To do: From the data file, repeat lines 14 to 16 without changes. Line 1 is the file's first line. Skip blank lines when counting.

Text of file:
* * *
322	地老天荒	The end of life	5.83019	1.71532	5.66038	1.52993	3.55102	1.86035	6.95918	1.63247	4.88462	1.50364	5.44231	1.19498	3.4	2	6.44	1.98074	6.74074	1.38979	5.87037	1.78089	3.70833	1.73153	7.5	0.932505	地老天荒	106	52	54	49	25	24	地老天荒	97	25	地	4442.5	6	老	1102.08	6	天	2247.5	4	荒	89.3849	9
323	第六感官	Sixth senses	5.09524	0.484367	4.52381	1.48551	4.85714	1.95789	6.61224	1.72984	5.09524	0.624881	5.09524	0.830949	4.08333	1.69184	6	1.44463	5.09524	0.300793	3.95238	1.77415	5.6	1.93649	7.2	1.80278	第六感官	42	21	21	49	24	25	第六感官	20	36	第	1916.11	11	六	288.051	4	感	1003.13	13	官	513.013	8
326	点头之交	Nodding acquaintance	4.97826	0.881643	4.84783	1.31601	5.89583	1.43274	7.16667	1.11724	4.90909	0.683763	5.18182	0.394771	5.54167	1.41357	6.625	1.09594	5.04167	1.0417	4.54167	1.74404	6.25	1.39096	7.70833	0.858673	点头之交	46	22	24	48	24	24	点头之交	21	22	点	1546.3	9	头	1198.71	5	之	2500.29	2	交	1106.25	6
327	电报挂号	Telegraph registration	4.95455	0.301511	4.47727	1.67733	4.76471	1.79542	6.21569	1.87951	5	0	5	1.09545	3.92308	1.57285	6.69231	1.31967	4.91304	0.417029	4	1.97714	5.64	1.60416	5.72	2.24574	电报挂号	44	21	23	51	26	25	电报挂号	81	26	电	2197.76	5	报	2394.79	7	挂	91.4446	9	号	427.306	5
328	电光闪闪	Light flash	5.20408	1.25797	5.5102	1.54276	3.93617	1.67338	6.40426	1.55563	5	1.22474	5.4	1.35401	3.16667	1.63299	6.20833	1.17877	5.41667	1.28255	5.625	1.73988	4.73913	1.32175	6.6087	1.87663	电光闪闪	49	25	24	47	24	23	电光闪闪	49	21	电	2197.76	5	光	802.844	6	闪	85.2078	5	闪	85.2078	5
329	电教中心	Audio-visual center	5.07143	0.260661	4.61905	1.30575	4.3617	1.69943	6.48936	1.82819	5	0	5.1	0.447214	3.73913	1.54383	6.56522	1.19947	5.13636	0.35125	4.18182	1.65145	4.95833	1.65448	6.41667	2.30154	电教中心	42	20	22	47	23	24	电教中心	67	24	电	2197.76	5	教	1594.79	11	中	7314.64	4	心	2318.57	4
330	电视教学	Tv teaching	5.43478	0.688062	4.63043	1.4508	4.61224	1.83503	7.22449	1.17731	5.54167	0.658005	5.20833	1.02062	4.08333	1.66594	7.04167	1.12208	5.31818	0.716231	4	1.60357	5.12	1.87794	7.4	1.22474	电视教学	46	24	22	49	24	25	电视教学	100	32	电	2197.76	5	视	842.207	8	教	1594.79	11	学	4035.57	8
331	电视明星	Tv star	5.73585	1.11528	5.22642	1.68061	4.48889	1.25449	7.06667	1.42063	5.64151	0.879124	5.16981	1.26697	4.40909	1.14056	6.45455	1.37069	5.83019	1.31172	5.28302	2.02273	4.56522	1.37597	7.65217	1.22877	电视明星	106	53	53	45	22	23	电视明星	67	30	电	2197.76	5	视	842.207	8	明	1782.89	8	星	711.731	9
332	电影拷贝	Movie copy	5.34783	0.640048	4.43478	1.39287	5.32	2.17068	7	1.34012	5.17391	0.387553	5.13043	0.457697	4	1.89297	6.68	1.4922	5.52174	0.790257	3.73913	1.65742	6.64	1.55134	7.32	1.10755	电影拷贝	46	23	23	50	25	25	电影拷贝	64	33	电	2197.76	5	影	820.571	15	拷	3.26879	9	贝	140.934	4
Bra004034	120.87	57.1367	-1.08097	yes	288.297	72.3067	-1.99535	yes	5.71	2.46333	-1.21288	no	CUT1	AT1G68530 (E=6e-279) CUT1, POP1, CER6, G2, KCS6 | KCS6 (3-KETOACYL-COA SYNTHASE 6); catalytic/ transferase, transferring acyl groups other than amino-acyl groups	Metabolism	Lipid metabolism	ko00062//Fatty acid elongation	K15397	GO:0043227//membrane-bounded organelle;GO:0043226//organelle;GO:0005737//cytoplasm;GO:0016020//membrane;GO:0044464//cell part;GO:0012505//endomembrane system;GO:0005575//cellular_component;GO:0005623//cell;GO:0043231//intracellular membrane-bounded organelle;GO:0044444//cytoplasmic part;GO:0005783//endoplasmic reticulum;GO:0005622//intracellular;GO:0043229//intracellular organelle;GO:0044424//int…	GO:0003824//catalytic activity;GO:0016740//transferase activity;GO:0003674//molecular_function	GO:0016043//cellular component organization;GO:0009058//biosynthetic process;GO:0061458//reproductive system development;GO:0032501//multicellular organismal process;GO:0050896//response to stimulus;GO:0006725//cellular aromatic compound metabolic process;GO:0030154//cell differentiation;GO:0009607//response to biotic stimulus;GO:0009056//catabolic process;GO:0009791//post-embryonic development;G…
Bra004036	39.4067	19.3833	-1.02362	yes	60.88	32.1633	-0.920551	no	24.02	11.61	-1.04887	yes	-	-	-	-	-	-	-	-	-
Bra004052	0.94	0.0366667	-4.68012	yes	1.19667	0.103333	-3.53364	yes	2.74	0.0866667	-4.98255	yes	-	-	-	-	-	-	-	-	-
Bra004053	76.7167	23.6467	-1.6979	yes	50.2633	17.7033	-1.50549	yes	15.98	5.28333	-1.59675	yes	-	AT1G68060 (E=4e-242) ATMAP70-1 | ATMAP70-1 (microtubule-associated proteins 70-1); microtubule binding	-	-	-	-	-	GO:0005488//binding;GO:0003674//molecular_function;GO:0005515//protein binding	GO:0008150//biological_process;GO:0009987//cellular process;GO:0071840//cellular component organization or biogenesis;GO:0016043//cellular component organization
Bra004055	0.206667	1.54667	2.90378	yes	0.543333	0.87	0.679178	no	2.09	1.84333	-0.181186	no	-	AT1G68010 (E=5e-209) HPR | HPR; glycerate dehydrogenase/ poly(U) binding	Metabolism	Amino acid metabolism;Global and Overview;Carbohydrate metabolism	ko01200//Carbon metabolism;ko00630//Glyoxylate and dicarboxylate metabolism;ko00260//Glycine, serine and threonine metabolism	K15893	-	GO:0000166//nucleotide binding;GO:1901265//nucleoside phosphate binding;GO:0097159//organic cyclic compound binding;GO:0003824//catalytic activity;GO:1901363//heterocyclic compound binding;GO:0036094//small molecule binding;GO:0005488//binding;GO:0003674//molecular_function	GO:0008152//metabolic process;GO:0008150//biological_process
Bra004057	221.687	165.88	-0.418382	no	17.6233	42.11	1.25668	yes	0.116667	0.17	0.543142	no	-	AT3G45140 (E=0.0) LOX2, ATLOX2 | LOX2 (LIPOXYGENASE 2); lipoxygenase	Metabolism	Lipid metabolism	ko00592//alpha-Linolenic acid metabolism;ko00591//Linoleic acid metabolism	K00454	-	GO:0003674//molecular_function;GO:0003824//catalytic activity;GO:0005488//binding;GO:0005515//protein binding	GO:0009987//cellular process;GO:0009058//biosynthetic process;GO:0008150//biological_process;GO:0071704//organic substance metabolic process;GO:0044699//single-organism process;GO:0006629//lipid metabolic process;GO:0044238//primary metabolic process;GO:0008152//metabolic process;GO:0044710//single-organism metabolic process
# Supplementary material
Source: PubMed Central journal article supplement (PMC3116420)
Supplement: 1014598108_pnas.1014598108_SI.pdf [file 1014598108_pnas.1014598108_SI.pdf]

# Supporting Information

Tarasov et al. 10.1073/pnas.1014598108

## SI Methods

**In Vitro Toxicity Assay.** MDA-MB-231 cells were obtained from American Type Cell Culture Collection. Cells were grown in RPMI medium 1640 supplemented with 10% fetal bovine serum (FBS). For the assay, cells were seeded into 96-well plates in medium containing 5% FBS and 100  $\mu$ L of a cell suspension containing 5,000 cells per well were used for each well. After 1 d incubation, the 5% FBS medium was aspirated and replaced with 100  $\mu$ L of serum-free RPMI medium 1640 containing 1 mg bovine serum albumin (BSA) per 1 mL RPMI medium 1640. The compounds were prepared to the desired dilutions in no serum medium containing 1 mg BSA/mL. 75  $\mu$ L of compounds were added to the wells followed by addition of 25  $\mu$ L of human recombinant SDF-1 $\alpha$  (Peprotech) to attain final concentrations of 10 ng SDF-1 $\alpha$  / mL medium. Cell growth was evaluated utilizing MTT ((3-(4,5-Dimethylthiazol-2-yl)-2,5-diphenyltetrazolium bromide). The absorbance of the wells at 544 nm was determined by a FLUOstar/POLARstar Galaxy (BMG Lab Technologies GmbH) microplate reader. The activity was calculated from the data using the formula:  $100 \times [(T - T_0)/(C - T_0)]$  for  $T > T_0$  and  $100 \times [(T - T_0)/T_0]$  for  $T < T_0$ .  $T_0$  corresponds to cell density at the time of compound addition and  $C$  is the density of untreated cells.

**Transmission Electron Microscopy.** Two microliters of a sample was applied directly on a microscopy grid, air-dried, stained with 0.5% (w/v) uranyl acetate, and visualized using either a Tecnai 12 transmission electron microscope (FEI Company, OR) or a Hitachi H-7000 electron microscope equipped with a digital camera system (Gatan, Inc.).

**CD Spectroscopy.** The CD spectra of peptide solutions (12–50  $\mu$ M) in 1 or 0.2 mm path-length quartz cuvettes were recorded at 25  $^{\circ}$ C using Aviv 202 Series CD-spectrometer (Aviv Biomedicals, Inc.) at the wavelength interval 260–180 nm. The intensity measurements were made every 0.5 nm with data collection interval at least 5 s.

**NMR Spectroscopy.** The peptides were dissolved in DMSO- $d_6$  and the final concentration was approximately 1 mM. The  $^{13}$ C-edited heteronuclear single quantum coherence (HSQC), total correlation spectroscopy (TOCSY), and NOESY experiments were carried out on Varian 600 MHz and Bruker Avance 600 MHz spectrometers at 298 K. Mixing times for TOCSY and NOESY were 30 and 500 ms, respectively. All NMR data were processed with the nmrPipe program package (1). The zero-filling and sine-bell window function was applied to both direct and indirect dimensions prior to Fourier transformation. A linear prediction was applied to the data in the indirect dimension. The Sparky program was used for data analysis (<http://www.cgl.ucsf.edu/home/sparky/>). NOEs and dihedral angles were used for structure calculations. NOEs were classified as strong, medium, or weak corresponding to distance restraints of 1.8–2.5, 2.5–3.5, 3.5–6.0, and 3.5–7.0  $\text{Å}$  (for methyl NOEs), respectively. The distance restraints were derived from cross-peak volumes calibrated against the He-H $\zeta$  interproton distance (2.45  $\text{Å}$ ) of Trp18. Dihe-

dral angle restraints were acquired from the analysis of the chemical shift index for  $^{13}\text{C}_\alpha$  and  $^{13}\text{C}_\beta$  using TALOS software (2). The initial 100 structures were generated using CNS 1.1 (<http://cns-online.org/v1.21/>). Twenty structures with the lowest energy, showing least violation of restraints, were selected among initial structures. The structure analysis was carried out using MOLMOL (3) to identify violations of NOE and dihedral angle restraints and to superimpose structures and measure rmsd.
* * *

Bra004055	0.206667	1.54667	2.90378	yes	0.543333	0.87	0.679178	no	2.09	1.84333	-0.181186	no	-	AT1G68010 (E=5e-209) HPR | HPR; glycerate dehydrogenase/ poly(U) binding	Metabolism	Amino acid metabolism;Global and Overview;Carbohydrate metabolism	ko01200//Carbon metabolism;ko00630//Glyoxylate and dicarboxylate metabolism;ko00260//Glycine, serine and threonine metabolism	K15893	-	GO:0000166//nucleotide binding;GO:1901265//nucleoside phosphate binding;GO:0097159//organic cyclic compound binding;GO:0003824//catalytic activity;GO:1901363//heterocyclic compound binding;GO:0036094//small molecule binding;GO:0005488//binding;GO:0003674//molecular_function	GO:0008152//metabolic process;GO:0008150//biological_process
Bra004057	221.687	165.88	-0.418382	no	17.6233	42.11	1.25668	yes	0.116667	0.17	0.543142	no	-	AT3G45140 (E=0.0) LOX2, ATLOX2 | LOX2 (LIPOXYGENASE 2); lipoxygenase	Metabolism	Lipid metabolism	ko00592//alpha-Linolenic acid metabolism;ko00591//Linoleic acid metabolism	K00454	-	GO:0003674//molecular_function;GO:0003824//catalytic activity;GO:0005488//binding;GO:0005515//protein binding	GO:0009987//cellular process;GO:0009058//biosynthetic process;GO:0008150//biological_process;GO:0071704//organic substance metabolic process;GO:0044699//single-organism process;GO:0006629//lipid metabolic process;GO:0044238//primary metabolic process;GO:0008152//metabolic process;GO:0044710//single-organism metabolic process
# Supplementary material